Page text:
322 Stephenson Avenue, Ste B
Savannah, GA 31405
If you really think about it, there are only two reasons why our children do not behave in accordance with our standards. These two reasons are 1. inconsistency and 2. undermining. Really, undermining is just a subset of inconsistency. If parents are consistent and do not undermine one another, children will have to do whatever their parents expect of them (as long as it’s possible). If parents are kind-hearted and fair-minded people (who generally want to do as much as they can for their children) their children truly should meet their expectations. In fact, if the parents are, indeed, kind-hearted and fair-minded people, meeting their expectations will lead to the greatest possible success for their children.
The fact is, most parents provide everything children want, limited only by their own resources. Parents provide shelter. More often than not that shelter is far better than the minimum required by law, right? Parents also provide food, and more often than not they provide foods kids love, which goes well beyond what is necessary for nutritional standards or sustenance. Isn’t that true? If their children are to have any fun that requires transportation or money, parents have to take part in planning that fun, don’t they? Even the toys kids already have around the house, regardless of where they came from, require some kind of parental involvement since so many of those toys run on the electricity the parents pay for monthly. When you stop to think about it, kids can’t have anything they want without their parents’ involvement.
So, if kids depend on their parents' good will for everything they want, how does it happen that so many parents have trouble with disciplining their children? Simply put, parents are inconsistent. We give warnings and make threats, but often we do not follow through. Due to that lack of follow through, our kids come to understand that we don’t really mean it when we warn or threaten. Most of us have experienced what happens when our kids do know we’re serious. Suddenly we find our previously stubborn child doing what they’re supposed to do. If our kids really find that they lose a prized privilege when they fail to do what we ask, most of them tend to learn their lessons quite quickly.
While it is difficult to be consistent, the need for consistency can be stated and understood quite clearly. So, why is it so difficult to carry out our desire to be consistent? Simply put, love gets in the way. Most reasonable parents of adequate resources want so badly for their children to know they’re loved that they can’t stand it when their kids have to go without. It’s as if we think going without television or snacks is sheer torture for our children. When we stand by a consequence, it's too easy to feel as though we are responsible for depriving them. Of course, we know the truth. Our children are responsible for their behavior, and thus they must suffer the consequences of their misdeeds.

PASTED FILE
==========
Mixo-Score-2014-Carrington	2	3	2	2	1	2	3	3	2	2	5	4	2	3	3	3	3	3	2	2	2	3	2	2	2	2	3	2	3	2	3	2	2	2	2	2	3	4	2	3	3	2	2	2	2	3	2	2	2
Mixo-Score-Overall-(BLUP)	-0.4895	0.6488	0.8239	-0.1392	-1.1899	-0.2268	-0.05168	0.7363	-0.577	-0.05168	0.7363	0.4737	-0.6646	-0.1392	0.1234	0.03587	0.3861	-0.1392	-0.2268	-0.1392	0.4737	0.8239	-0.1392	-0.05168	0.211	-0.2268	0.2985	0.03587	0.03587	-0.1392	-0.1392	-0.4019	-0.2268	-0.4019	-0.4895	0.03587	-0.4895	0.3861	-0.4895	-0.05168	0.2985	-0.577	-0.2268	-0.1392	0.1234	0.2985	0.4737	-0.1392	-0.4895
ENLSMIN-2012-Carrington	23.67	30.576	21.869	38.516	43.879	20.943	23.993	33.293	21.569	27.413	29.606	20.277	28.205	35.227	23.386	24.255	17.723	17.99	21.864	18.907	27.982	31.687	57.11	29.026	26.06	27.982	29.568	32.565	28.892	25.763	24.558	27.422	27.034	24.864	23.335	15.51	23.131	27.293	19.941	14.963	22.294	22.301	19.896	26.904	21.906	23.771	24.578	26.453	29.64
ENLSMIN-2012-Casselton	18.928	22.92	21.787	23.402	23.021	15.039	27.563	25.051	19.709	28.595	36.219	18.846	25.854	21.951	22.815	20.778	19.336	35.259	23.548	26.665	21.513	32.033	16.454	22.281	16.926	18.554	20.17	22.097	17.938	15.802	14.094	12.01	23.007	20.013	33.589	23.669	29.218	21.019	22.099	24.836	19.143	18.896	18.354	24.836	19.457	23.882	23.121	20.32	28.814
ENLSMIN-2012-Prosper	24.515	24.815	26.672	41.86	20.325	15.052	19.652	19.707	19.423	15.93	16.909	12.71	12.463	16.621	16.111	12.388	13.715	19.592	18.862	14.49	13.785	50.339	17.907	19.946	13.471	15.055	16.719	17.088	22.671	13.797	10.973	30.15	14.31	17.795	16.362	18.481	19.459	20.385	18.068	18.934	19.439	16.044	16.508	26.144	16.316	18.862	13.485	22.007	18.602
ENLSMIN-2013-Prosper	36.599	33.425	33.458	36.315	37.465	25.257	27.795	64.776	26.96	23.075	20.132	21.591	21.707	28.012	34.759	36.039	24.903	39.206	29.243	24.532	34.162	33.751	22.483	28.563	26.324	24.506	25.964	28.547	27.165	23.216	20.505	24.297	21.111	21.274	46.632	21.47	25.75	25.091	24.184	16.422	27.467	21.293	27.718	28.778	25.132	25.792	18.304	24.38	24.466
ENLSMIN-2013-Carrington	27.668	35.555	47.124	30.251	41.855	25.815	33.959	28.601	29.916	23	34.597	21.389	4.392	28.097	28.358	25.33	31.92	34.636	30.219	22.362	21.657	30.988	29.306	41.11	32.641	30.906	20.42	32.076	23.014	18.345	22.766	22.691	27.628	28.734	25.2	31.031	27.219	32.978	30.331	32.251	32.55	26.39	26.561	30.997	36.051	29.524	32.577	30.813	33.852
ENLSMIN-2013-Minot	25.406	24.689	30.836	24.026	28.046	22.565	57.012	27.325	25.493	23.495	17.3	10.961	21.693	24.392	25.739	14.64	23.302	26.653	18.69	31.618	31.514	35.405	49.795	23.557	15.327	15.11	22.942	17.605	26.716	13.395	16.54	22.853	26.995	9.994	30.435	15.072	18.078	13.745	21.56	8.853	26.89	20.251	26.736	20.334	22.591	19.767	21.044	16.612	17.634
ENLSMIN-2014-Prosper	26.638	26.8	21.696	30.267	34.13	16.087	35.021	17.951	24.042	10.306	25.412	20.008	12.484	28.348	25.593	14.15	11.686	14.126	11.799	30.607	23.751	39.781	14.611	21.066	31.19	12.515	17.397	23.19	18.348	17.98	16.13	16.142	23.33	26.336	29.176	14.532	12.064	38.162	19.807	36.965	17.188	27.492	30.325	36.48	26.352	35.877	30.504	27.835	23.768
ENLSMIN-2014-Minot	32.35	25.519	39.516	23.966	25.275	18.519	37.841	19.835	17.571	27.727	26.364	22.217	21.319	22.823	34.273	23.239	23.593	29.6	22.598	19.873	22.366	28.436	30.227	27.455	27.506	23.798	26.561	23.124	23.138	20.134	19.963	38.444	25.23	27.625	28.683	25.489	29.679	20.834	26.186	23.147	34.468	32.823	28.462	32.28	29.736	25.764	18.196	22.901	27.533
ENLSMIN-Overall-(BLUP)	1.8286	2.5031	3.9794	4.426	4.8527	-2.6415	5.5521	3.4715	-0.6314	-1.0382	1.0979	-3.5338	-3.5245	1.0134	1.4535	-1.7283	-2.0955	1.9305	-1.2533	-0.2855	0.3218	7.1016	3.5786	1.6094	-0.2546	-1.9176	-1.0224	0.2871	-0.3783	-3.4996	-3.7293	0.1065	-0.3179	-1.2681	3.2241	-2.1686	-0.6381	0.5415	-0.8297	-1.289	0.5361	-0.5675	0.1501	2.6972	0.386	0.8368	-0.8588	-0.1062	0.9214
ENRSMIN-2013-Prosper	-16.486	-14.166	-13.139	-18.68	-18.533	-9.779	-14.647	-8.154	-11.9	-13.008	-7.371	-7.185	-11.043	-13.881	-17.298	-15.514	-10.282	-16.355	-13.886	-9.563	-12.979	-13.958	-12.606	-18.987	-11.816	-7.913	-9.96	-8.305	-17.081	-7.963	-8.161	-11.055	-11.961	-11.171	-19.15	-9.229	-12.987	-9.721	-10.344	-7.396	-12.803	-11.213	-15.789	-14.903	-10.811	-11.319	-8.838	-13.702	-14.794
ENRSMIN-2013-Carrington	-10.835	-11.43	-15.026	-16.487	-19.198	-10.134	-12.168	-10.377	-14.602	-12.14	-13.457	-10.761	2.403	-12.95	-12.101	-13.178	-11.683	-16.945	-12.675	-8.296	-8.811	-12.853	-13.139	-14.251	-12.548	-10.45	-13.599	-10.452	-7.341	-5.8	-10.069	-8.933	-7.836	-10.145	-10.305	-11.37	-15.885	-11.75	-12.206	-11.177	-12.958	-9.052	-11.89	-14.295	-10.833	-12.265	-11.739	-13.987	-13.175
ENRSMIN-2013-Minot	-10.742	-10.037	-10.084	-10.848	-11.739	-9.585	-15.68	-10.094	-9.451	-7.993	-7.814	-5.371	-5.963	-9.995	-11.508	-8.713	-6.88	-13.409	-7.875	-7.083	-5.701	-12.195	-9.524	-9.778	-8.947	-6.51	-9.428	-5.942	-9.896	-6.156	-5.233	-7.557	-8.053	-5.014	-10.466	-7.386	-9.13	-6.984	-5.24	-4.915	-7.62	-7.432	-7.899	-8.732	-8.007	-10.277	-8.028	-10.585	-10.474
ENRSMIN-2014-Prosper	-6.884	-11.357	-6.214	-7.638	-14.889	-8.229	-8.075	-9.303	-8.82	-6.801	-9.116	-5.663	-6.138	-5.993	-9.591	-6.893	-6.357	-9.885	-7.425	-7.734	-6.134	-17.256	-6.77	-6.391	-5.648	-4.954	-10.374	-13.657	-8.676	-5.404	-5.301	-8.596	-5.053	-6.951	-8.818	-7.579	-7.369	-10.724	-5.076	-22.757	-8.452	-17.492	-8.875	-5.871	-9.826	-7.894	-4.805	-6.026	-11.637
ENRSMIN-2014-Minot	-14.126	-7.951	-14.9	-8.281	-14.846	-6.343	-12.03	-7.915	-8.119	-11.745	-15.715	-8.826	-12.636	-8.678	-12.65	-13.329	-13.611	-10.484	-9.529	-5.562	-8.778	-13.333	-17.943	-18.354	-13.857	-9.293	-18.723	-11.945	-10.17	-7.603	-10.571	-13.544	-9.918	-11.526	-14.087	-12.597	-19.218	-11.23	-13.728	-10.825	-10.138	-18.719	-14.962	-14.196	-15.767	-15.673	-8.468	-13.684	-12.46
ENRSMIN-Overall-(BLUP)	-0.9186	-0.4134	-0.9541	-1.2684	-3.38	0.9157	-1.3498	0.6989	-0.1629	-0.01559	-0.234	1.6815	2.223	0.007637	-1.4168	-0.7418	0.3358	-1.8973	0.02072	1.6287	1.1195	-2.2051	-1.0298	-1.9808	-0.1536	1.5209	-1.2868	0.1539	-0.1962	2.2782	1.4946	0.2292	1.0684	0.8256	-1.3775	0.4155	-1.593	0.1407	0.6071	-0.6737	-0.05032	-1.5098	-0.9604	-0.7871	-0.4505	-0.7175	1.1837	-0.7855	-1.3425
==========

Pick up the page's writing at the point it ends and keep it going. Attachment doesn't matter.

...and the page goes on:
In fact, not only are we not responsible for their feeling deprived, we are 100% absolutely responsible for making sure they understand the importance of being well-behaved. Until they connect our dissatisfaction with their behavior to the reason for their consequences, they will not change. If they don’t get real consequences, it’s as if we are expecting them to grow up on their own, independent of parenting. If we don’t discipline them, when will they learn to be civilized? How will they act when they’re out on their own? The truth of the matter is that our interest in their future should be by far the most significant motivation for us toward making sure they do behave. We are desperate to ensure they have a good future, aren't we? The way we connect our interest in their future to their bad behavior is by making sure that they have consequences for their actions.
Consistency and its relation to consequences is relatively easy to understand, but a particular kind of inconsistency, known as "undermining," is a far more complicated human process. When parents do not agree and the kids know it, especially when parents contradict one another directly in front of their children, it isn’t even reasonable to expect kids to listen. It would be like having two ostensibly equal bosses on one job each who wanted completely different tasks completed, but you only had enough time to please one of them. It would be impossible. The boss you fail to please would surely fire you, unless the other boss saves you, which leads to a whole different level of undermining. When parents do not agree with one another, kids have no idea what to do. We don’t fire our kids, but we sure can frustrate the heck out of them...
Copyright 2010 Daniel A. Bochner, Ph.D. All rights reserved. Material provided on this web site is for educational and/or informational purposes only. This web site does not offer either online services or medical advice. No therapeutic relationship is established by use of this site.
322 Stephenson Avenue, Ste B
Savannah, GA 31405